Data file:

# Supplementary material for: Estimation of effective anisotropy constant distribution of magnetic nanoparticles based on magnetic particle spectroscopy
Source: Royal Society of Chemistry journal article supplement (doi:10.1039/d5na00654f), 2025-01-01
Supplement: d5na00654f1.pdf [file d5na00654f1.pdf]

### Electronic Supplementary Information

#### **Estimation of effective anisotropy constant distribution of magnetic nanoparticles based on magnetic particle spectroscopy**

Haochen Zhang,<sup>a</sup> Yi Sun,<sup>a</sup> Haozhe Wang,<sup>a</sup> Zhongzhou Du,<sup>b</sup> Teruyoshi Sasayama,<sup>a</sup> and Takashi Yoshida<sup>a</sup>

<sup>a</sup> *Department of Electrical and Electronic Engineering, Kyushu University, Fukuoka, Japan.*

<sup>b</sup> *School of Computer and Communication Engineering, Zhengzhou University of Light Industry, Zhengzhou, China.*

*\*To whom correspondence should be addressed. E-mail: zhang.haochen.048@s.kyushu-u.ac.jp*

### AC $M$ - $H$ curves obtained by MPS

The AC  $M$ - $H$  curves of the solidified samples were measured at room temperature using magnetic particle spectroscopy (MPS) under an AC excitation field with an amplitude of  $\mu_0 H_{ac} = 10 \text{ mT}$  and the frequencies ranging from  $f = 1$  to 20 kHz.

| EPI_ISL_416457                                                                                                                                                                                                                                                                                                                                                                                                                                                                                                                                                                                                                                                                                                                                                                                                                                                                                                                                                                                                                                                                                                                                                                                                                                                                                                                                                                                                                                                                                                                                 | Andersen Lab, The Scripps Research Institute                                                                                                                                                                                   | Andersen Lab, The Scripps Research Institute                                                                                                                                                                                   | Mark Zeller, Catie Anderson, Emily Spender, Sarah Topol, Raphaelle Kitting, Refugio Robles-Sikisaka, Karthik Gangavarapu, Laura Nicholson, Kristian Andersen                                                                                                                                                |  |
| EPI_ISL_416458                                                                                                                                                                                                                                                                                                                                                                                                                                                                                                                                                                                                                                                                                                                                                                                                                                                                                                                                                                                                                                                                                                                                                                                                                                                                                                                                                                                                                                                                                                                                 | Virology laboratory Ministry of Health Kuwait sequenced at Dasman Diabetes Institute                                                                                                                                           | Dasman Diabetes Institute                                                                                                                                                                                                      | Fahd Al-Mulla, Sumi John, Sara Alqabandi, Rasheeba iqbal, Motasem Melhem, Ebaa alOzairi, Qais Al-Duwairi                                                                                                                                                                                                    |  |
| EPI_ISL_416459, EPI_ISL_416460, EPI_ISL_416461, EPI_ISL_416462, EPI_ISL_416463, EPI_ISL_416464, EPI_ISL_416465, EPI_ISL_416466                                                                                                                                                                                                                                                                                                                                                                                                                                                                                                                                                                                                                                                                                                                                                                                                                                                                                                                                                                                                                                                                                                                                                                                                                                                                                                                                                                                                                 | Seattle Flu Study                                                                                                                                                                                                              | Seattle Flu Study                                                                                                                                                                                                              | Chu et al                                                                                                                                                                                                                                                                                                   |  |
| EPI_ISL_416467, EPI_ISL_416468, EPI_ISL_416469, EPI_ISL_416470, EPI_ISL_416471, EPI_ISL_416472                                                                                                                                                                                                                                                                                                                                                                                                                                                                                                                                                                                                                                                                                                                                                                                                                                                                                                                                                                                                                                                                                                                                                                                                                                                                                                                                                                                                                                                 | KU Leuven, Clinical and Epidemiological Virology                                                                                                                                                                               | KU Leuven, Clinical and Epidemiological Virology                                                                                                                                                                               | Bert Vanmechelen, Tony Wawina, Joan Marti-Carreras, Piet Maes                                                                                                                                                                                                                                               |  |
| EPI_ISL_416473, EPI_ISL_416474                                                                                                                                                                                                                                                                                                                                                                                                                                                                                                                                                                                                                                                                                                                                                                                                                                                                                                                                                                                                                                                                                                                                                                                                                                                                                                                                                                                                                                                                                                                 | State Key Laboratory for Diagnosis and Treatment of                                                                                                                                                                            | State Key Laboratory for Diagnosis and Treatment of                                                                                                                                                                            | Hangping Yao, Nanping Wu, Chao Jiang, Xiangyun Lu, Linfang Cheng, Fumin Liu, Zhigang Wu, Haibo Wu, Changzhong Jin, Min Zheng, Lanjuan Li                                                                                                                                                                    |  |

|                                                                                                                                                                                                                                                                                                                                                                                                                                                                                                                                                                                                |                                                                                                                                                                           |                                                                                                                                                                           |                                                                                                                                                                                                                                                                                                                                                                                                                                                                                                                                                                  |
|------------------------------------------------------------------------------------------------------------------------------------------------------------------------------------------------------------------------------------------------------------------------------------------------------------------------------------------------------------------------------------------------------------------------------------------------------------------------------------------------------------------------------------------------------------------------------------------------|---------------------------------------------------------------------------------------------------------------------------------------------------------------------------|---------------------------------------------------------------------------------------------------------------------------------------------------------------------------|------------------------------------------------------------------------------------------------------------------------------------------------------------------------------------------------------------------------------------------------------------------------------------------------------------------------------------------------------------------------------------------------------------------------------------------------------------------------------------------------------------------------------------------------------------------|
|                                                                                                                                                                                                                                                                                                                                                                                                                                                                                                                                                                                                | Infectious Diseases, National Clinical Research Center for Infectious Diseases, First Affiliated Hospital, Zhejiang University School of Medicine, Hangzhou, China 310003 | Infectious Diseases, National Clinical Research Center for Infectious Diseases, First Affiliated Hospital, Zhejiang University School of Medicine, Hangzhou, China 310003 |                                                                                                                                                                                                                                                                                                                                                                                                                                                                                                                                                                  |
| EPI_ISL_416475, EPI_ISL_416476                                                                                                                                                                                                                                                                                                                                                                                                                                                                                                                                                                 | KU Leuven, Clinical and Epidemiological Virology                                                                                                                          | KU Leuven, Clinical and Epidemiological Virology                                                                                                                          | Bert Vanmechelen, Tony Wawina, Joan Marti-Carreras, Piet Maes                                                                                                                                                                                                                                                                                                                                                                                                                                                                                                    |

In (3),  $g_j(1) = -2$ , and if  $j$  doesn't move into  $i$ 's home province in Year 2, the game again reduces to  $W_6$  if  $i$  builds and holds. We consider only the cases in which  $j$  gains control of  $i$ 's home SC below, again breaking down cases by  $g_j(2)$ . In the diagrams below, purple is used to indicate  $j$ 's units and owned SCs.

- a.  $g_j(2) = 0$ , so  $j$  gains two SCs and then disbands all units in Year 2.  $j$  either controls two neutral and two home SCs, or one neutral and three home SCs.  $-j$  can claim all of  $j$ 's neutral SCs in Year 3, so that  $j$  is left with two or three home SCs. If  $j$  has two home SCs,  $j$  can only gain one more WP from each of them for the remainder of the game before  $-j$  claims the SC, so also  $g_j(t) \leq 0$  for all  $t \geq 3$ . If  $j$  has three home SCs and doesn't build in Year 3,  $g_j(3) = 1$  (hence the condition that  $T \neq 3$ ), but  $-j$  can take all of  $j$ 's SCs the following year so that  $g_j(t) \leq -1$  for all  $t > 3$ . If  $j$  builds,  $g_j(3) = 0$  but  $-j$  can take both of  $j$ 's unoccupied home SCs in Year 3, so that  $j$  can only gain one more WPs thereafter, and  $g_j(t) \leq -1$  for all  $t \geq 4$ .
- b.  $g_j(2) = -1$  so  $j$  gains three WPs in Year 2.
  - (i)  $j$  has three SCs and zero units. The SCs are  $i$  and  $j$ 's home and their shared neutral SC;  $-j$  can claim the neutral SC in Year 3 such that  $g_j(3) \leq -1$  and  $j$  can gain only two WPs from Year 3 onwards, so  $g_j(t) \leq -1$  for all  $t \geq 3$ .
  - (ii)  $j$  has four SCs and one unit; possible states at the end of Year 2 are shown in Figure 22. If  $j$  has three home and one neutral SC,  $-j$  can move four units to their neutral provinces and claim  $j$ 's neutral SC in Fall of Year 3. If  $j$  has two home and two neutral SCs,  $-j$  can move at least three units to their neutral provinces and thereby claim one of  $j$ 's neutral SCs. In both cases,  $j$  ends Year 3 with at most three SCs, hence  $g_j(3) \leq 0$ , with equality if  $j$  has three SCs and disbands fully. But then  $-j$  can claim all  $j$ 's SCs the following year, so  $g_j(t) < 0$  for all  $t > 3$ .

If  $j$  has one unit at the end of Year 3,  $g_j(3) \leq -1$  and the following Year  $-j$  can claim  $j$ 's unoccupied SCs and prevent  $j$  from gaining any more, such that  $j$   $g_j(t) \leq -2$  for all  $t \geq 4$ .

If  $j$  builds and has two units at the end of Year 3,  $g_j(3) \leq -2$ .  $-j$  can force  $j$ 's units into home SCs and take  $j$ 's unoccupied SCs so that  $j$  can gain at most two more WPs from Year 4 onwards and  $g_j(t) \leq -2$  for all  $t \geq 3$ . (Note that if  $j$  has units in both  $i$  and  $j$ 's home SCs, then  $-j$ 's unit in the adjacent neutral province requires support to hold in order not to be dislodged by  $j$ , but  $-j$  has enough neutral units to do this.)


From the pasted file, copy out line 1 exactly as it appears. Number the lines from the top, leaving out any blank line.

# Supplementary material for: Estimation of effective anisotropy constant distribution of magnetic nanoparticles based on magnetic particle spectroscopy